This survey, illustrated with maps, was made for Thomas Lennard, Lord Dacre, by Samuel Crouch, who described himself as ‘the meanest of his lordship's domestick servants’. Including over 100 tenements in six parishes, it is in a paper volume bound in parchment; the tenements are described on the left-hand pages and on the facing pages are coloured maps which show buildings, acreages, some fieldnames, the names of neighbouring owners and roads. The descriptions give details of buildings, tenure, acreage, boundaries, quantities of the timber and underwood with its value, the annual quitrent and references to the court rolls, many of which no longer survive. All entries are annotated with the names of subsequent owners to 1742, and (in pencil) to circa 1800.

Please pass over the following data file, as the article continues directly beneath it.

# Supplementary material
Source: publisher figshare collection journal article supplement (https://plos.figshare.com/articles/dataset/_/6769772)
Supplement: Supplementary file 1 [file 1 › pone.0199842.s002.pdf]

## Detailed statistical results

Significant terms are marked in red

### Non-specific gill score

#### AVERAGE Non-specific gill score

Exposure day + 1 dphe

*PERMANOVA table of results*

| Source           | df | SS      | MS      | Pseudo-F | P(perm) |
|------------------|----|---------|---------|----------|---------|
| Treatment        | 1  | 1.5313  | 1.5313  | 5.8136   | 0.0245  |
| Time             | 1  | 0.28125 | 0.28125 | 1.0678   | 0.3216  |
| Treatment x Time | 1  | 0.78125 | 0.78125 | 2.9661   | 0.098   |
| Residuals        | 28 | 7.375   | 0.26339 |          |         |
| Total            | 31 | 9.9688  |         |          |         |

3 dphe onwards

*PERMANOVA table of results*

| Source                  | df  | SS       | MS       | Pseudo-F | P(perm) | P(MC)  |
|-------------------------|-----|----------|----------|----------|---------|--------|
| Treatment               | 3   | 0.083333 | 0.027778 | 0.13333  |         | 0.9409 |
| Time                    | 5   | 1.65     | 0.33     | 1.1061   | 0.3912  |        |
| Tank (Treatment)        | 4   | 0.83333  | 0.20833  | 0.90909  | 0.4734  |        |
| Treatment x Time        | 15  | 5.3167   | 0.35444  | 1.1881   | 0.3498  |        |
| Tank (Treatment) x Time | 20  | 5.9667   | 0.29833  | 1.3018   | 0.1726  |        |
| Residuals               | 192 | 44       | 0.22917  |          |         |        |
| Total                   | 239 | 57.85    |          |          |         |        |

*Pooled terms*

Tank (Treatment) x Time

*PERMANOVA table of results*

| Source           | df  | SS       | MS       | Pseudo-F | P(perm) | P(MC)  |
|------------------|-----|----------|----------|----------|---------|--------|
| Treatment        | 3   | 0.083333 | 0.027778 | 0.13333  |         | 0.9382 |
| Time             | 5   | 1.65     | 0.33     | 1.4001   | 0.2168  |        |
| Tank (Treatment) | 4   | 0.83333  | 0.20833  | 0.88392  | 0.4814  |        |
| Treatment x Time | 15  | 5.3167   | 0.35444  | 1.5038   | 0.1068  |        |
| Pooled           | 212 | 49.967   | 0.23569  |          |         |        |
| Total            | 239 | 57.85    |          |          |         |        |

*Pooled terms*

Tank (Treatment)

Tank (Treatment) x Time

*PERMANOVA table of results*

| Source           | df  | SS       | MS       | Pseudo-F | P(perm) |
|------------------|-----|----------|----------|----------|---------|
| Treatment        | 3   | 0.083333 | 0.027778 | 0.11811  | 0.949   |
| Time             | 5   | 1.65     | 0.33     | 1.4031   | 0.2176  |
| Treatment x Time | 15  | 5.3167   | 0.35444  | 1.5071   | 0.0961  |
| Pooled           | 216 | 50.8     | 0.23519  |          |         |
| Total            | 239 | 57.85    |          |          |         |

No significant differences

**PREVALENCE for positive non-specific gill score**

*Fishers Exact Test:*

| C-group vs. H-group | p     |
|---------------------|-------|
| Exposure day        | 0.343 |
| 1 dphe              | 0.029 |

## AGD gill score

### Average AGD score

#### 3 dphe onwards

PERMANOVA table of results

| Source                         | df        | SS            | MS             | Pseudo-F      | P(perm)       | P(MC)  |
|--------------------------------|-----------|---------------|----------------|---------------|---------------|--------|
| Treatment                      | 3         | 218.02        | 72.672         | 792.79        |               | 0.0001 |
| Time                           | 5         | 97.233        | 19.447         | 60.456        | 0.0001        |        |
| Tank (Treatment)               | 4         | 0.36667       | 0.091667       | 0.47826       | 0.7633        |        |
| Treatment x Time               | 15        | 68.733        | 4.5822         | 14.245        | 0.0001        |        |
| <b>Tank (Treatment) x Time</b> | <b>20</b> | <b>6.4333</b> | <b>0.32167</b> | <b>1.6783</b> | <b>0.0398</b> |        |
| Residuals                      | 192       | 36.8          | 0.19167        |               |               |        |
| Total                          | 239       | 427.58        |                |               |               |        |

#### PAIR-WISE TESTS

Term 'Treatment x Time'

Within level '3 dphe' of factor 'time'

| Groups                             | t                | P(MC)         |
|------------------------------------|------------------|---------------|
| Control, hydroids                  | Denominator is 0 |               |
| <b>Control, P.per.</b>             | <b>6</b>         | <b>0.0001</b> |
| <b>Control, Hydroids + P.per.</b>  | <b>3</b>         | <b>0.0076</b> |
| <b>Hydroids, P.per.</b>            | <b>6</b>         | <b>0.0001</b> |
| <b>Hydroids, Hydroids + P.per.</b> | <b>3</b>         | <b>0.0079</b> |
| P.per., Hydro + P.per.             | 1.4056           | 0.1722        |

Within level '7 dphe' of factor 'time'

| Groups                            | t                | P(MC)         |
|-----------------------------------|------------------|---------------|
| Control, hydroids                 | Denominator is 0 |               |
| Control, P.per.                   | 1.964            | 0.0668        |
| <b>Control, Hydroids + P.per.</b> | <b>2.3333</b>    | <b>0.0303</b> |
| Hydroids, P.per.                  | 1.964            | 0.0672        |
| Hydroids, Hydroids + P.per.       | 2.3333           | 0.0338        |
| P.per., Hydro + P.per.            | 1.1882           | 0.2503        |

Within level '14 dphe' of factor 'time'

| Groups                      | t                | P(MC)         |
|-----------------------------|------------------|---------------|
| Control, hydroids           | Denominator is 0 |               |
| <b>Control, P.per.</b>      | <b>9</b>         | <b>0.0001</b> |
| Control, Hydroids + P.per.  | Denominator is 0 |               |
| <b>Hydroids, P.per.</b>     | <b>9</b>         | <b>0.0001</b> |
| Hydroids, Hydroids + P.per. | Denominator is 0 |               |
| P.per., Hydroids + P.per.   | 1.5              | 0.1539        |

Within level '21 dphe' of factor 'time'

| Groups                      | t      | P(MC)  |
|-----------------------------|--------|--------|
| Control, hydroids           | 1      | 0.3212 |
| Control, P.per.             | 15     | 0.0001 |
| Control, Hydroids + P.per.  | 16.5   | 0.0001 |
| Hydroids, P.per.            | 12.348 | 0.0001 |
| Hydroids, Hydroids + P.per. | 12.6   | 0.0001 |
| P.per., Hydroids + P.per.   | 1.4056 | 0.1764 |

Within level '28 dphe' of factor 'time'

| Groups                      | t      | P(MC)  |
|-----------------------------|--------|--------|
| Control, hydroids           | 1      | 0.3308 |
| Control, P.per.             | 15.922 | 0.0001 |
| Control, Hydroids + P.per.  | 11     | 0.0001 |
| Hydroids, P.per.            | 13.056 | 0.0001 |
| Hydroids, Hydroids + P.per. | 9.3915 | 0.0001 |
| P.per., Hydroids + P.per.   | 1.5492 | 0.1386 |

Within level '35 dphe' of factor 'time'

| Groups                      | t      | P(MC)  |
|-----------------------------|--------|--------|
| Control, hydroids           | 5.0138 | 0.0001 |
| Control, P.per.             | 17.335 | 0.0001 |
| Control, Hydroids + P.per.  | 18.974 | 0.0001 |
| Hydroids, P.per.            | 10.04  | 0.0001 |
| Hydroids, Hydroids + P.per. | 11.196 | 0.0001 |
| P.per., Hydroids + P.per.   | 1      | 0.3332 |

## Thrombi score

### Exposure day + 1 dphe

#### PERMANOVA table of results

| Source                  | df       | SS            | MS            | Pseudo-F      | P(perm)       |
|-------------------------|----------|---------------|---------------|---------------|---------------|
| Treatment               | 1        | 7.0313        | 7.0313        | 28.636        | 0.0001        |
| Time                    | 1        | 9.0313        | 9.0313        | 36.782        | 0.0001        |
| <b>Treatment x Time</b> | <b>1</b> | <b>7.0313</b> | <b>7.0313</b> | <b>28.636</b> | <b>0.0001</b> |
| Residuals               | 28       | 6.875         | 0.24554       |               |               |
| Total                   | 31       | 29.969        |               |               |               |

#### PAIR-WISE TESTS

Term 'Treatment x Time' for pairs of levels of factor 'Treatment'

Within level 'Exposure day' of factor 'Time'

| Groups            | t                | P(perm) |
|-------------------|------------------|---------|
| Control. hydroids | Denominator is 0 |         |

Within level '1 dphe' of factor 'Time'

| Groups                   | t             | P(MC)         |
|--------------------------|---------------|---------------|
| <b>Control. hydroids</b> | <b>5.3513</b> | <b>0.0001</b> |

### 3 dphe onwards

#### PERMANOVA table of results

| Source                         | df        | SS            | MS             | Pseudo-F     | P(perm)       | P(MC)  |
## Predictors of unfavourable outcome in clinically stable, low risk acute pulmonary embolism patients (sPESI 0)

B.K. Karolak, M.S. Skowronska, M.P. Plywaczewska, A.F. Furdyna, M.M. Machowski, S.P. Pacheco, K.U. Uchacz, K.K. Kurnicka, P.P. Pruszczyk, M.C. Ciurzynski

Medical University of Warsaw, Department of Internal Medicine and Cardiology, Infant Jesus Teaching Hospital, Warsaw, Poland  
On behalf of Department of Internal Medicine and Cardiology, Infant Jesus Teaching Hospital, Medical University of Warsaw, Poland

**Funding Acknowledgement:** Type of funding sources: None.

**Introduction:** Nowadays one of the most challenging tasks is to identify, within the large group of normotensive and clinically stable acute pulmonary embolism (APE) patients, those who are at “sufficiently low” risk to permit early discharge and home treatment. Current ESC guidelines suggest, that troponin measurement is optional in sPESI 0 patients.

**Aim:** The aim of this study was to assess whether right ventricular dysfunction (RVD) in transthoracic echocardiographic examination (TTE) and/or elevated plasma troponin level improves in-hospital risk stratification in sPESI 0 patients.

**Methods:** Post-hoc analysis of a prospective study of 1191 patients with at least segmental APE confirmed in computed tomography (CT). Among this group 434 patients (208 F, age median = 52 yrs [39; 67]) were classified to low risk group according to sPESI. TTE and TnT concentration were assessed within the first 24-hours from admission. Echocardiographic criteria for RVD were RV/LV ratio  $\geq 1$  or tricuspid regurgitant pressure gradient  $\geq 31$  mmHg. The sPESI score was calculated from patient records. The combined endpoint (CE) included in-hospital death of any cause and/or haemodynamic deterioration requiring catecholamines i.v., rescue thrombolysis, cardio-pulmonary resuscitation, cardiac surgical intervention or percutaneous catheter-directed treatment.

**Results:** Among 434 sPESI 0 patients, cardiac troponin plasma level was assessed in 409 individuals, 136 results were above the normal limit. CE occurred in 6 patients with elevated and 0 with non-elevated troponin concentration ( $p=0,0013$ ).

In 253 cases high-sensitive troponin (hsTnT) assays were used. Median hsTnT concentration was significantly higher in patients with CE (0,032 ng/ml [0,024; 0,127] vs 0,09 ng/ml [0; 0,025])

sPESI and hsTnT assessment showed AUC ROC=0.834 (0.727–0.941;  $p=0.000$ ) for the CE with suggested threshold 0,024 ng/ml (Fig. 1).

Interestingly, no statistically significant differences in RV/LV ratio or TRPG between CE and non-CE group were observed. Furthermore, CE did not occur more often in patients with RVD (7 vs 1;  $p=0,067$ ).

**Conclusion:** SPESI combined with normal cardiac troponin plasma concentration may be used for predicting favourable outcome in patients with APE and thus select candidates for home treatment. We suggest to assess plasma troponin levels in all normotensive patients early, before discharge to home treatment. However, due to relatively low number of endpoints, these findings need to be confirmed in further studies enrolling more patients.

Cartographic material is one of the greatest strengths of the East Sussex Record Office. It is not difficult to justify the acquisition of estate maps by an archive repository. Maps convey a large amount of information in a very small space; they capture the appearance of a locality at a moment in time; they convey information of value to the local historian, biographer, historic buildings specialist and student of place-names; and of all the types of document in a local record office they are among the most readily accessible to an inexperienced user.
The acquisition of this document, forming as it does the last fragment of the surviving records of the manors which it represents, is of paramount importance for East Sussex Record Office